• JaneAgatha says:

      09:27am | 05/06/09

      I gained something different from the movie; a sense of the spirit and character of the people and their different view of the world. The strength of the film was how directly it portrayed their lives, with openness and without judgment or offering a solution, which is rare and makes it a winner. I somehow linked this with a recent editorial in the MJA by Tamara MacKean, on healing and indigenous health which also opened my eyes. If healing and reconciliation are to occur we need to suspend judgment and refrain from rushing in and imposing our own values or social programs . We need to understand the people first…

    • RJB says:

      10:34am | 05/06/09

      Well said Hanny, this ABC hack is looking for opportunities to gush out her warm and fuzzies while the rest of Australia is burdened by the ineptness of her government.Concentrate on introducing yourself to the electorate the greenies handed you, and leave those best able to help indigenous Australians.

    • Anthony says:

      12:27pm | 05/06/09

      “I wanted it to end”

      Well, I’ll take that as a commendation.

    • Bob Simpson says:

      12:36pm | 05/06/09

      Dear Maxine, what will you do to bring justice to these young people portrayed in the movie? What will you do to mercifully remove the causes of their situation? One thing you could do better than most of us is to fight against the imposition of political and bureaucratic ideology. You’re in a better position to cause government to find a better; and there is a better way. Regards, Bob

    • Sid says:

      04:08pm | 05/06/09

      Thank you Maxine for expressing similar sentiments to my own whilst watching the film.  I found the film disturbing because it felt real and, as others have said, shows that there are different perspectives on how to live in this country. For me there were two other subtle messages from Delilah in the film: i) we all need something to believe in, it can be as simple as a crossed stick;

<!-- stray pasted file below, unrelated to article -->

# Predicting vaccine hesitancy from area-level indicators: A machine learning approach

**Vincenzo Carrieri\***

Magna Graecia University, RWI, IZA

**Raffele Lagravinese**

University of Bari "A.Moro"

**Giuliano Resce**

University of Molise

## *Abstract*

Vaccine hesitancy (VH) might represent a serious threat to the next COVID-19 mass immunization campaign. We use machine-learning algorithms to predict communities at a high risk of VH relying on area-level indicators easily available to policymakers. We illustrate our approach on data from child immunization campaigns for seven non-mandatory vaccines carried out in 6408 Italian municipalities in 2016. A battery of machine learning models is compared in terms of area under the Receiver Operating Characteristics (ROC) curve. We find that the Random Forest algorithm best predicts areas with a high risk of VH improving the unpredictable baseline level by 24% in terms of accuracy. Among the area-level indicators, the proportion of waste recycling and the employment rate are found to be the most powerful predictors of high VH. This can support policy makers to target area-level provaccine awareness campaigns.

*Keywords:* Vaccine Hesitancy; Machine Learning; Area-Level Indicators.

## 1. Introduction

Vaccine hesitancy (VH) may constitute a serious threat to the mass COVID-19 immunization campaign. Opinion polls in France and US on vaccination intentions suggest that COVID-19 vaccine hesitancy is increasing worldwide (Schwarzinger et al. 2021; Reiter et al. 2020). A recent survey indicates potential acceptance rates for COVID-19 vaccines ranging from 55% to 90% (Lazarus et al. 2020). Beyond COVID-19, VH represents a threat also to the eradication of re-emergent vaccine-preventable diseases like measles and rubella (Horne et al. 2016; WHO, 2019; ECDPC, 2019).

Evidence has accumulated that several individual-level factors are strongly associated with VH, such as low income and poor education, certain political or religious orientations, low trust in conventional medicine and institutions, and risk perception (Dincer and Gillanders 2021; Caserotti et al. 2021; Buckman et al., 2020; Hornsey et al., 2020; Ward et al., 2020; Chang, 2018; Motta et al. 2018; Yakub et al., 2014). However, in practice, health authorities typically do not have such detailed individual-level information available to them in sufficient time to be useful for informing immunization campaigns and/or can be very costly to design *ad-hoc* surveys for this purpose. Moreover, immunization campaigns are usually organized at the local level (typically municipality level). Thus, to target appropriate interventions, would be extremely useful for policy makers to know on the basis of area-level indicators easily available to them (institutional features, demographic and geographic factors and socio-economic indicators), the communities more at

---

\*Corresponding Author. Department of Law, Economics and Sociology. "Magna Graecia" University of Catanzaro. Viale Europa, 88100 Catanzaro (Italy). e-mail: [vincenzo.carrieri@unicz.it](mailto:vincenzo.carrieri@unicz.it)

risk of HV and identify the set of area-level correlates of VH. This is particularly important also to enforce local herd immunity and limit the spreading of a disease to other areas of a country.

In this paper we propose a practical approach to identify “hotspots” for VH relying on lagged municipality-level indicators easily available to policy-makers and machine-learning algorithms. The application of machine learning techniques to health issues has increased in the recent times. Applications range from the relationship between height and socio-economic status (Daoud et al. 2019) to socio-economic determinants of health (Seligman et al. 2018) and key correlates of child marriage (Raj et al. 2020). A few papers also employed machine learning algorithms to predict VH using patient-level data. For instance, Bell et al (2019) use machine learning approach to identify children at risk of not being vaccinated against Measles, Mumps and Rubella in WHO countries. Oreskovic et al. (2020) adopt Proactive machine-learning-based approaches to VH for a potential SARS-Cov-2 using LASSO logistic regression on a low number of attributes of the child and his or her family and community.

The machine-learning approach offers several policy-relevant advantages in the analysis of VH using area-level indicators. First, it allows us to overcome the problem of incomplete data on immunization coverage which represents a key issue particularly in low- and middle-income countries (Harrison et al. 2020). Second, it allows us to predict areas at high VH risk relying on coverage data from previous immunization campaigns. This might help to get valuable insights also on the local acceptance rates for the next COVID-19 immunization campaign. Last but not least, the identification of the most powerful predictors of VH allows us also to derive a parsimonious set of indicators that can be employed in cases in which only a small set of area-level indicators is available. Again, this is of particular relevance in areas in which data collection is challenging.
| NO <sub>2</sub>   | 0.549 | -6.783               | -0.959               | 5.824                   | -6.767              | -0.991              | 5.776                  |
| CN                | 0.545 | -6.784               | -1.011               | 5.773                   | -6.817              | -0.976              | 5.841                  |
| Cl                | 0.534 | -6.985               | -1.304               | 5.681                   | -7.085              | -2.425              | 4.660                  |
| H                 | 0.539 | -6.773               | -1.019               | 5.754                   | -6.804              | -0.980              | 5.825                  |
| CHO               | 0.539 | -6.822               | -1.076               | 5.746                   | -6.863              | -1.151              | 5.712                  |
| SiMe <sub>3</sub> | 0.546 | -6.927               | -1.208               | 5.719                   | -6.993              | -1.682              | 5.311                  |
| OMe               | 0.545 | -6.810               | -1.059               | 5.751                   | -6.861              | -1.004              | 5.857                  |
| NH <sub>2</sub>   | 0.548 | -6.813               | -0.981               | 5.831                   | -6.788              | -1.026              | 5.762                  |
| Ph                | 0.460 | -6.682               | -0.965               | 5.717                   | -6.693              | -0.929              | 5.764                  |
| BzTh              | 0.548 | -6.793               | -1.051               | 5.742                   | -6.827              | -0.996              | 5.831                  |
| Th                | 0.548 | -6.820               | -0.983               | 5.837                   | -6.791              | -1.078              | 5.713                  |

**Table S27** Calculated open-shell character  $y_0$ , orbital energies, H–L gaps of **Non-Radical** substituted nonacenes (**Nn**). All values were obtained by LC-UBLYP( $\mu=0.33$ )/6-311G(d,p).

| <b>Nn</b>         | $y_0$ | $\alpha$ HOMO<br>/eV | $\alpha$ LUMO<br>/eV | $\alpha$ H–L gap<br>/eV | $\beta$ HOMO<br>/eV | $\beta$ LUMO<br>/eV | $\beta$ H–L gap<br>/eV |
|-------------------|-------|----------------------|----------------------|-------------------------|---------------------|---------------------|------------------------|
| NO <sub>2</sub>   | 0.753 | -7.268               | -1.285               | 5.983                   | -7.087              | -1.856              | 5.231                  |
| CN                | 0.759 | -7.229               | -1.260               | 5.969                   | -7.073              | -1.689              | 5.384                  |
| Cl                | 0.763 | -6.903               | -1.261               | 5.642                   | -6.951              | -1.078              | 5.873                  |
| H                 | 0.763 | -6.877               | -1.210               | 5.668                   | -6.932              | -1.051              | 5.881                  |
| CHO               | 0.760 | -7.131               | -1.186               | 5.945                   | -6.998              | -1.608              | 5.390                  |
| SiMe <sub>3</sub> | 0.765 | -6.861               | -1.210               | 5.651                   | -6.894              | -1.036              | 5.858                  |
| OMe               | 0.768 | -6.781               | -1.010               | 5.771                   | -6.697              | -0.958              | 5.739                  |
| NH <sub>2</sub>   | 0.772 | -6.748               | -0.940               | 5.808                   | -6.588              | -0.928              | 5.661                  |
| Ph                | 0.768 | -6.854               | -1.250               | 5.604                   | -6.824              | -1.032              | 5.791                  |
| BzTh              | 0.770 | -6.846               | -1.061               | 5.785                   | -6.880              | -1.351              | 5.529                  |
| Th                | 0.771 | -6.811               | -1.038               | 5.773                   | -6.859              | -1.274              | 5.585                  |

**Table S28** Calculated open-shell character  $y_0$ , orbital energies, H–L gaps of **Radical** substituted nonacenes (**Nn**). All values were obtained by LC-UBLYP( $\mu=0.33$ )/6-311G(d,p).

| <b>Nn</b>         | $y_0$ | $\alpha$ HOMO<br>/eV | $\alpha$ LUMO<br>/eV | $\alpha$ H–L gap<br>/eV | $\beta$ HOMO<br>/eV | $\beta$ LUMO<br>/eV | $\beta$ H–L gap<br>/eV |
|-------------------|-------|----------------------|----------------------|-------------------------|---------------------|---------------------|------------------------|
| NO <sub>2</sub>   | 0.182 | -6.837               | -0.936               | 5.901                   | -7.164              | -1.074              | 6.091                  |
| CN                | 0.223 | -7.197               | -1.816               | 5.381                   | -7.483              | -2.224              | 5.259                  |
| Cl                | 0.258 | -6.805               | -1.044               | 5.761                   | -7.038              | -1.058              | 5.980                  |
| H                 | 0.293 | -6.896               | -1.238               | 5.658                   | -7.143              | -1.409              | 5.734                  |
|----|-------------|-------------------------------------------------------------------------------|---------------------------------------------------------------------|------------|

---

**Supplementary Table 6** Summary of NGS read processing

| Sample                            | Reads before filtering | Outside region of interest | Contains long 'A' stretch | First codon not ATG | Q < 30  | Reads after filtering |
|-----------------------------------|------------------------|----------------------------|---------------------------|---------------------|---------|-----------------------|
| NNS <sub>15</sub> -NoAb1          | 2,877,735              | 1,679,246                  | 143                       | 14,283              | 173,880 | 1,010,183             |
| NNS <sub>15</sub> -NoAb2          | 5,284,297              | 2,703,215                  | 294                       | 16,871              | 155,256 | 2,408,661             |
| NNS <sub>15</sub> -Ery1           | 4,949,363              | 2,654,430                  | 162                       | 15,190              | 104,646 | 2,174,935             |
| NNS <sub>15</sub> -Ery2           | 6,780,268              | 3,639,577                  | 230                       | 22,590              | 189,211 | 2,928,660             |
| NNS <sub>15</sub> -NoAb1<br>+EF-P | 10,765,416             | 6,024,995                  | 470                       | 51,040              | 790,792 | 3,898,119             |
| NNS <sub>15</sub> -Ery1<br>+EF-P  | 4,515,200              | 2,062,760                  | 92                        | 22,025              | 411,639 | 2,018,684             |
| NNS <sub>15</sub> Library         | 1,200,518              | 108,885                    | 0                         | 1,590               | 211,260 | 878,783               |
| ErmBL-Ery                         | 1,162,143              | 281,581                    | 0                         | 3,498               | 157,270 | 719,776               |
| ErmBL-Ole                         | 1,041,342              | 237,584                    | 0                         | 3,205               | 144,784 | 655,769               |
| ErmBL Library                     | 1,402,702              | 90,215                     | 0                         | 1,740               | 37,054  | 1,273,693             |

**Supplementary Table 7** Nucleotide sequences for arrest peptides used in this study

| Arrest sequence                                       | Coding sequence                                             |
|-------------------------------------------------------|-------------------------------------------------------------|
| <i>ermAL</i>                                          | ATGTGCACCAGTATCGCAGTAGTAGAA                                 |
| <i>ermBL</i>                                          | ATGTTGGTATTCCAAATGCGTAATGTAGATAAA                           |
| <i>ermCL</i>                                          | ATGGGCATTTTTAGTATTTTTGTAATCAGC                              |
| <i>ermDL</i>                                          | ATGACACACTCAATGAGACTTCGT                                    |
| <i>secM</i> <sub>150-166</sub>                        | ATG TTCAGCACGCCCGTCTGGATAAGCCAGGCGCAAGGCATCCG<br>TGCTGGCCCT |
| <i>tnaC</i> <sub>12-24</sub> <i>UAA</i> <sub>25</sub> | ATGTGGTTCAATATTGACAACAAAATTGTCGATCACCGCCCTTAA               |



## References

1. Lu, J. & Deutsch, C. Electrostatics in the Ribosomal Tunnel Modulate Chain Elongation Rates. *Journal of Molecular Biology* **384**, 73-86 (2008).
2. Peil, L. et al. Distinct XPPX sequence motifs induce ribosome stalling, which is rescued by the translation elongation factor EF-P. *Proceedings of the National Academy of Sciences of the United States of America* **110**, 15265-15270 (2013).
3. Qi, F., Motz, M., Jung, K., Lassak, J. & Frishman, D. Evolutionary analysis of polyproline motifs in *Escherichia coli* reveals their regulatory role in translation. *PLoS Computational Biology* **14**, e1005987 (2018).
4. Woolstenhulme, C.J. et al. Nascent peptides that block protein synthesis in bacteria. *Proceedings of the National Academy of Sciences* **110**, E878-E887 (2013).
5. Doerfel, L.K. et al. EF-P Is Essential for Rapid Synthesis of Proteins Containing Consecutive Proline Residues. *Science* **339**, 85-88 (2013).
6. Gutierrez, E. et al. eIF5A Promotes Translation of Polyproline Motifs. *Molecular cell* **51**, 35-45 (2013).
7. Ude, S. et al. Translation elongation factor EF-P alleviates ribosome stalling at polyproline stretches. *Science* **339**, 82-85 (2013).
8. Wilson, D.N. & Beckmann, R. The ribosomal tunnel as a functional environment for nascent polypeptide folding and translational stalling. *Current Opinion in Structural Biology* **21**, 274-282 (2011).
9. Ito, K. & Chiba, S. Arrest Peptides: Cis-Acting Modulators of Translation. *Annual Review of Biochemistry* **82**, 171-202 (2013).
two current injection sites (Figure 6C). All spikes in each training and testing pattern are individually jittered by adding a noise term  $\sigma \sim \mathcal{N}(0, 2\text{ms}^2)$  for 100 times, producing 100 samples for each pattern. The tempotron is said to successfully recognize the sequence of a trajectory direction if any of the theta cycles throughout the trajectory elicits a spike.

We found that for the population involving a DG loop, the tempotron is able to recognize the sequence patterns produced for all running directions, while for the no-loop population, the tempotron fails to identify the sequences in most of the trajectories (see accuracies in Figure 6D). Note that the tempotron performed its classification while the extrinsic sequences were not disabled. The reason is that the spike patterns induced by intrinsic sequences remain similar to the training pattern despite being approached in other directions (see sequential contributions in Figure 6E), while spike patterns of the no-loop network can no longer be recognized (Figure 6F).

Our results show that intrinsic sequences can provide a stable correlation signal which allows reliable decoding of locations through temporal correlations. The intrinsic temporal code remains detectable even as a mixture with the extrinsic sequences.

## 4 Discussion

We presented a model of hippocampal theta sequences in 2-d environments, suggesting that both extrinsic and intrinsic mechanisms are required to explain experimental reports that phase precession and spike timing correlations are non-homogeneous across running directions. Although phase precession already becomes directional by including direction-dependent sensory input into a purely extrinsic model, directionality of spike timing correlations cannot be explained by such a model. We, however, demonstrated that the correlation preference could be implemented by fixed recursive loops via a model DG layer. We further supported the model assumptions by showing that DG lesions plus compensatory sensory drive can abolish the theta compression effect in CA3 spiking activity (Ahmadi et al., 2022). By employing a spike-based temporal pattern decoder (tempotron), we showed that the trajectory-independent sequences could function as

ii) traditional ways and inculcated identity are as important as democracy in setting indigenous Australians free.

    • Geoff says:

      06:57pm | 05/06/09

      As superb and uncomfortable as this movie is 2 quibbles about your comments Maxine. 1. star crossed lovers? Hardly. and 2. while the end does show the strength of spirit of aboriginal women the ending could not/would not happen. What was this girl doing seemingly devoting herself to this by now brain damaged, emotionally wrecked petrol sniffer. His demise was symbolised by his acceptance of that horrible country reggae music he so hated.

      Elsewise Thorntons honesty has made a great movie that everyone would be a bit richer for having seen.

    • shannyn says:

      11:09pm | 05/06/09

      So has the movie highlighted the need for better policy for indigenous people Maxine, colonialisation hasnt worked for them and neither will the intervention, these people need to be part of their recovery, they need to be able to assert their will and to direct us as to what they think is best for their community.  I loved that the young women knew in her heart to walk away from violence and addiction and reconnect with her spiritual self.  Given that indigenous australians have been around for 10,000 thousand years I suspect it is they have something to teach us not the other way around.